It wasn't me. You can't prove anything.
Posted by Kelly Hawkins at Thursday, January 12, 2017
- Meeting 1
- In Conf B
- I don’t go to the room because there are so many people. I lurk on the phone.
- Meeting 2
- Online only
- People all over the planet
- High level decision making
- Only on Tuesdays and Thursdays
- Meeting 3
- In Conf B
- I usually do go to this one
- Not nearly as many people.
- Low level nuts and bolts
- Meeting 4
- The burn in lab walk through
- I have to go, but it only lasts 15 minutes or so
- Me and two other folks.
- Me getting yelled at for the state of the lab
- Ended up getting canceled
- Our weekly all hands is usually hit or miss on what information you get. There are new people introductions and basic heading information. However, sometimes you get a vast amount of information in a dramatic pause of the head honcho. That happened today. There was applause after. That is how telling it was.
My sources for this post are purely tech journals and web pages like SlashDot and Wired. None of this is based on my employer’s information or practices. (Really, I’m not in security or anything like it.)
In the beginning, there were developers. All was well. Then some of the developers decided they wanted to be bad guys and they used their skills to cheat and steal. This was not good, but it was inevitable. Developers are people after all.
The result of this was an arms race between good and evil for the better technology to thwart the other side. Every time the bad guys come up with a trick, the good guys counter. Every time the good guys defend something valuable, the bad guys come up with more tricks. It is the way of nature. It has run for a life time and gotten very complex.
Something is happening in the technology industry that may not be a good thing. There is a separation between the public sector and ultra secure entities. For a very long time the ultra secure have taken off the shelf devices, tweaked them and made them more secure. This tech trickled back to the community and you had a positive feedback loop that accelerated security development.
I’m sure a lot of this is still going on, but is seems the industry that developed purely for the ultra secure is booming. The links between the ultra secure and mondain development seem to be withering. Security on so many public software projects just seems to be a box to tick in a PowerPoint presentation. The goal is to get people to click on in game purchases and rent virtual hotel rooms. Security is something you put in after a billion user files are stolen (Yahoo!)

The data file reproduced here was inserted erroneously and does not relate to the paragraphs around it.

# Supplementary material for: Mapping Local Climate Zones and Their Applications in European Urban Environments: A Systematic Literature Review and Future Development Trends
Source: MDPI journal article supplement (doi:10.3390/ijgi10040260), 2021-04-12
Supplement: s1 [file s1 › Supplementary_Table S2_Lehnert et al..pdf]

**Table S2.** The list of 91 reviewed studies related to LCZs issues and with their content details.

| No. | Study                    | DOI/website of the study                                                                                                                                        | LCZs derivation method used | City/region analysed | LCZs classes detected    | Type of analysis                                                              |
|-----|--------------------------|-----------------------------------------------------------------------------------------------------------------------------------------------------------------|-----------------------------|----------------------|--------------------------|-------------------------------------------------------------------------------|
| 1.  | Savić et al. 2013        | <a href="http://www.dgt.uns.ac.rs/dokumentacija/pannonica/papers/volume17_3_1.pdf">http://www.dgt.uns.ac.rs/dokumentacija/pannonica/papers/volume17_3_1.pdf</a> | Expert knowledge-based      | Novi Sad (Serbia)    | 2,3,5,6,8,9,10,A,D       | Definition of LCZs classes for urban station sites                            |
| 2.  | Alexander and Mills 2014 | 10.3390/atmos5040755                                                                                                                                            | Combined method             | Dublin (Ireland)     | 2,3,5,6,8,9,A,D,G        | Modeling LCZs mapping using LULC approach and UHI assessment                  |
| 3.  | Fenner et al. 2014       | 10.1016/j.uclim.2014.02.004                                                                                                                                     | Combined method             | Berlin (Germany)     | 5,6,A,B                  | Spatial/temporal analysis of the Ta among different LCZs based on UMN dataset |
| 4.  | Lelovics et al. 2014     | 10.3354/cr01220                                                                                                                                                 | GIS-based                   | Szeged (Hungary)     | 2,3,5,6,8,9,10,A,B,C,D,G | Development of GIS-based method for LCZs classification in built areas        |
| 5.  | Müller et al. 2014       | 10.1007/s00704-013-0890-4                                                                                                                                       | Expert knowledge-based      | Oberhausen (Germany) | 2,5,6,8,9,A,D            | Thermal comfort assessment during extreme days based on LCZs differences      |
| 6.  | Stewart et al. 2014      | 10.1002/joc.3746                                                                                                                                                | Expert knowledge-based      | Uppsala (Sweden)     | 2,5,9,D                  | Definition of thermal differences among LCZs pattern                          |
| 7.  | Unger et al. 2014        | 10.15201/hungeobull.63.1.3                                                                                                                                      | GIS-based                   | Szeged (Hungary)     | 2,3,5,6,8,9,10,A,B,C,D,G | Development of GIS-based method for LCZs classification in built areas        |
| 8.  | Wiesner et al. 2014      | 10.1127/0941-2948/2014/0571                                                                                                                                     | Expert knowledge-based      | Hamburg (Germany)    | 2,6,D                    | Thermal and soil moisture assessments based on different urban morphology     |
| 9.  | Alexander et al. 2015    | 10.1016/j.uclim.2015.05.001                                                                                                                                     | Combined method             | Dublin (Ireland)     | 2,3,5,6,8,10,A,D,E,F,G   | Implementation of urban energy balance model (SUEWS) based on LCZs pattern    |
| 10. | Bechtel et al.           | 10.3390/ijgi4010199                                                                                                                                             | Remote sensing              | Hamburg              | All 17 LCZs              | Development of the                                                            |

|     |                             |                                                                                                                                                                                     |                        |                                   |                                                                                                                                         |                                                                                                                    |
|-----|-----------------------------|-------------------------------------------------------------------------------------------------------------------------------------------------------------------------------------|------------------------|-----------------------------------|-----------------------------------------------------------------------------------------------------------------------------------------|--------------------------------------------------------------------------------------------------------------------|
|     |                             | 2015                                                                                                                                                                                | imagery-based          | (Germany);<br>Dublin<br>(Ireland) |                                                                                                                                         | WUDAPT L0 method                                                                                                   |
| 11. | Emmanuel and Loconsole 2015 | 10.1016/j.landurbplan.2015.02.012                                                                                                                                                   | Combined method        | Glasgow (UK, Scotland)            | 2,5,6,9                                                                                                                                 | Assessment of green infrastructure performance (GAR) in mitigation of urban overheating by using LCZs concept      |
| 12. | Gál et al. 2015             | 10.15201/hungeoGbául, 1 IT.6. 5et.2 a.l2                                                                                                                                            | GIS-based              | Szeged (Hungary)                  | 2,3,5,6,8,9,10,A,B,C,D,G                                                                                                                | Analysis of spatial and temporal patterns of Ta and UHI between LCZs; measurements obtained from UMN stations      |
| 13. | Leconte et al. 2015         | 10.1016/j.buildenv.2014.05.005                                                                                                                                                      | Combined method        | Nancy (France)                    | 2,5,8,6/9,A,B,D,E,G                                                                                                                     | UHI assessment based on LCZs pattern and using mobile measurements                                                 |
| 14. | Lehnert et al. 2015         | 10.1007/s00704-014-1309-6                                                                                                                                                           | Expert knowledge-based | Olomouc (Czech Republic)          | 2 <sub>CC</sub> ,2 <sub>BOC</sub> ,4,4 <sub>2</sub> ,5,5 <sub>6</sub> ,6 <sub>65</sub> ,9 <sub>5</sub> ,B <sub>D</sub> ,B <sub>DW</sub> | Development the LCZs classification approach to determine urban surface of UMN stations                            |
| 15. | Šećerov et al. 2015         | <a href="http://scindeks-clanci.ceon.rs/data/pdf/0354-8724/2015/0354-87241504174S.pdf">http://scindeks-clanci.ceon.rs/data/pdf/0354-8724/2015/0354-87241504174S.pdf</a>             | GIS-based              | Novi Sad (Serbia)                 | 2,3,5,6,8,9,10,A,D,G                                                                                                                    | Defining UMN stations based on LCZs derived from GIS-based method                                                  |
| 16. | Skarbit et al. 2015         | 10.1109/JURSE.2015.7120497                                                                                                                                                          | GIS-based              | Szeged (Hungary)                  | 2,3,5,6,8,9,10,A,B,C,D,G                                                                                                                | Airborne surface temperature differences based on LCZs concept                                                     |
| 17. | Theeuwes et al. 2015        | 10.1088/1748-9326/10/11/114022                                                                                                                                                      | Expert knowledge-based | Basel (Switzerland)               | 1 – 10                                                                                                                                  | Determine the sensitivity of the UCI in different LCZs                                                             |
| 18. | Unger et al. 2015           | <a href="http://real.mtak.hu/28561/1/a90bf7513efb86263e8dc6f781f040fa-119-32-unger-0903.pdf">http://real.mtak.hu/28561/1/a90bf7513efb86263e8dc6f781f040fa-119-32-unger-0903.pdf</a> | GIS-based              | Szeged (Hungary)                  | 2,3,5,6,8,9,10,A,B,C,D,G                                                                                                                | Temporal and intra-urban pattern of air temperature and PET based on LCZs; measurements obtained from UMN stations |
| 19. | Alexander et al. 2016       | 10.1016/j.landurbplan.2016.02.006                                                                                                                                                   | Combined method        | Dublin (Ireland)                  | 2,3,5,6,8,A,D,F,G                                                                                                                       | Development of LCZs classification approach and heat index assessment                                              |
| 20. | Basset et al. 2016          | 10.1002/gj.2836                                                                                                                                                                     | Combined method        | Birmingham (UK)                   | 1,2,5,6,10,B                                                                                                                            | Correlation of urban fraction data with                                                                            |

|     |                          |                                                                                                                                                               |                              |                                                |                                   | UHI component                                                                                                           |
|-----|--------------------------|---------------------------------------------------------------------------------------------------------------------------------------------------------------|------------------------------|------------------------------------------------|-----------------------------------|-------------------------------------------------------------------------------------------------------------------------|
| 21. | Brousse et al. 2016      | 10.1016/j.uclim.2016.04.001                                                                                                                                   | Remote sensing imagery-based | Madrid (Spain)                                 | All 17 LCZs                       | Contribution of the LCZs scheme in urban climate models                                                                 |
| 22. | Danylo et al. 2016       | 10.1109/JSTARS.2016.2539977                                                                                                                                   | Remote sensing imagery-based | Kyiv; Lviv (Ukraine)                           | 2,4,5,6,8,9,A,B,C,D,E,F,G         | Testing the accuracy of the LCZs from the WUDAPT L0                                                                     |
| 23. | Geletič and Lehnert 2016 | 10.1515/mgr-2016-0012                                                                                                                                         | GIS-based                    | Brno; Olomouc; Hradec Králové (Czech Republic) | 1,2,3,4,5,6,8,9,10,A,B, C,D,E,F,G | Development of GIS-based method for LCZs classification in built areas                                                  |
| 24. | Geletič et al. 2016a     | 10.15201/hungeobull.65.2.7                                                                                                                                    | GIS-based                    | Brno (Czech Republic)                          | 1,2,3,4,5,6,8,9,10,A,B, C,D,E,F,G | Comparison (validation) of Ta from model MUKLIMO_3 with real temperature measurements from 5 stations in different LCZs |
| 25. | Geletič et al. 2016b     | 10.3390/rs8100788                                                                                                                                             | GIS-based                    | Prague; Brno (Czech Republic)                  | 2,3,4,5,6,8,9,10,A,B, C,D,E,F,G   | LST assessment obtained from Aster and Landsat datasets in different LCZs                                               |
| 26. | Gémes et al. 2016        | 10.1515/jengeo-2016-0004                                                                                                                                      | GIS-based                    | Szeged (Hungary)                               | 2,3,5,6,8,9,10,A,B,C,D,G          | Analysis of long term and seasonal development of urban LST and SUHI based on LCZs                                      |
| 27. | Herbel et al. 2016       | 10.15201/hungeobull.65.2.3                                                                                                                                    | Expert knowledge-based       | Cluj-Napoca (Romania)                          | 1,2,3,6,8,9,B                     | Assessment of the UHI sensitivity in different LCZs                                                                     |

My experience is companies telling developers to pay very close attention to security and then setting deadlines that allow very little time for dedicating thought to security. We do it anyway. We make it work, we make it secure, and we tick the box on the PowerPoint slide. It just isn’t easy.
That loss of feedback is going to slow forward movement of secure development. The ultra secure people are not going to provide last year's tech to the mundanes. The mundanes are not going to provide an army of people poking and prodding the software and indeed hardware to find weaknesses. You cannot automate lucky. Some mediocre programmer might find the loose tile in the wall that all the automation missed that brings down the castle. You have to know their is a problem before you can automate looking for it.
The Iranian nuclear development team air gapped (physically separated) all the development systems for their nuclear systems. They thought that this was a very good idea. It was really. It is not impervious to human error. One of the people who had access to the secure network put an infected USB drive in a secure computer and all the very expensive material separators ran too fast and burned out. This was a targeted attack. Someone knew what was going on at the facilities and exploited several weaknesses to slow the Iranian development of nuclear fuel.
The solution here is to keep the channels open. Don’t give away the family cow for magic beans, but talk to people on the other side of the isle. Learn motives, tools, intentions, drives, and accomplices. Root out bad things and talk about failures. Find the things that work and test the hell out of them.